Then there’s Cabo Corso, with it’s prime location along Africa’s gold coast in present day Ghana. The land was purchased by the Swedish Africa Company (Afrikanska kompaniet) in 1650 after making a deal with the King of the local Akan people (Efutu Kingdom). (It got to keep it’s Portuguese name Cabo Corso after the previous Portuguese settlers.) That same year, the first Swedish ship of settlers, under the leadership of Henrik Carloff arrived and built the base Carlousborg (still there today) and the settlements main export/import was intended to be gold, timber and slaves. The Swedish Africa Company, that was mentioned earlier, was founded by Louis De Geer (ill talk about him more in another blog-post later on, he’s important) after getting a special permit from Queen Kristina to establish a trade post here The queen also granted the company monopoly on all Swedish trading beyond the Canary Islands, aka they we’re making a lot of money. So what happened? They were geared up for success? Well, remember the Carloff guy, leader of the first group of settlers? He was made director of the island, however a few years in, he got accused of dealing in some off-the-record trading of his own and got fired. He left the colony pissed, went to Denmark (whom Sweden recently been at war with), spoke to the King, and the King was like mess with some Swede’s? I’m down. So Carloff returned to Ghana with a brand new gun-heavy ship, hired 2000 local Asafo (Akan warrior groups) and conquered Carlousborg. Now the colony was Danish. Carloff appointed his colleague Schmidt responsible for the settlement, and left for Denmark again taking ships and riches with him. Side note: this was one of the things that sparked Swedens second war with Denmark lol. Later when the Swedish government and King Karl X Gustav dealt with the danish to reclaim what was stolen, Carloff ghosted with the treasure and there’s been no record of him since. So after the Swedish-Danish peace treaty that was signed in 1660, Denmark was supposed to return the colony to Sweden, but uhm, you know Schmidt? Carloffs sidekick? He sold it. He sold the colony to the Dutch and ghosted with the money. Thus, our gold coast settlement was no more after 11 years. The end.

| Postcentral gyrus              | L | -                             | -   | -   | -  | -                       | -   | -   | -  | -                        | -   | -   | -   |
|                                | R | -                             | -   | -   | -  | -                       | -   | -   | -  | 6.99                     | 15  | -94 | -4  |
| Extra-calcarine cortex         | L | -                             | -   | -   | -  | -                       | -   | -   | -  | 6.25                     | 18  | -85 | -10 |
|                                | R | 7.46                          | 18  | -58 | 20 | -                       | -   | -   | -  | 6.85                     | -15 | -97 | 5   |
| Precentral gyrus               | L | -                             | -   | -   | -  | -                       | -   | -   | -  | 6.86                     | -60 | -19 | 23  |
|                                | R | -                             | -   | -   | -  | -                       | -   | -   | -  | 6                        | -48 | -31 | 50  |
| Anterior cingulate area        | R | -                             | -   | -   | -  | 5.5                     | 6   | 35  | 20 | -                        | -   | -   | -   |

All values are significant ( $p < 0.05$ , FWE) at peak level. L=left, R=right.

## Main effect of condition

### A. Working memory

Just kidding, next up is Guadeloupe, an archipelago located in the Caribbean right above the Dominican Republic. This was a short one, it was ours for a whole 14 months, between 1813-1814. When talking about Guadeloupe, we also gotta talk about Napoleon Bonaparte and Jean Baptiste Bernadotte. We’ll start with the last guy here, if you’re Swedish and reading this you might know him as King Karl XIV Johan. So briefly summed up the crown prince, king to be, died abruptly, leaving Sweden with no heir, at least none the nobility liked. So this one guy called Georg Adlersparre made up a story about needing a co-sign from Napoleon to instate this random duke as an heir and convinced everyone to let him go to Paris. The real reason he wanted to go was to fetch a French heir, since he believed the only person who could lift Sweden out of their post-war financial crisis and restore it to it’s former glory was a french guy. French people were very popular (and obviously not popular) in Europe at the time due to Napoleon making a name for himself trying to conquer everyone. So he got there, spoke to a bunch of important generals, and picked out one of Napoleons favorites, Jean Baptiste Bernadotte. He was like – come and be our next king, and Jean was like sure. The old king then adopted him and he was renamed Karl Johan. So, to the Guadeloupe part, the archipelago was under British rule (previously french) and the brits were fighting Napoleon in the ongoing war. Sweden (clearly) sided with the french, so the Brits were like – Hey side with us, help us take down Napoleon and we’ll gift you this colony we got. Sweden was like ok cool. We started putting a crew together to sail down and claim it as our own, but before we even set sail the island had been returned to its french former owners and all promises got flushed. The brits payed us some money instead as a sorry.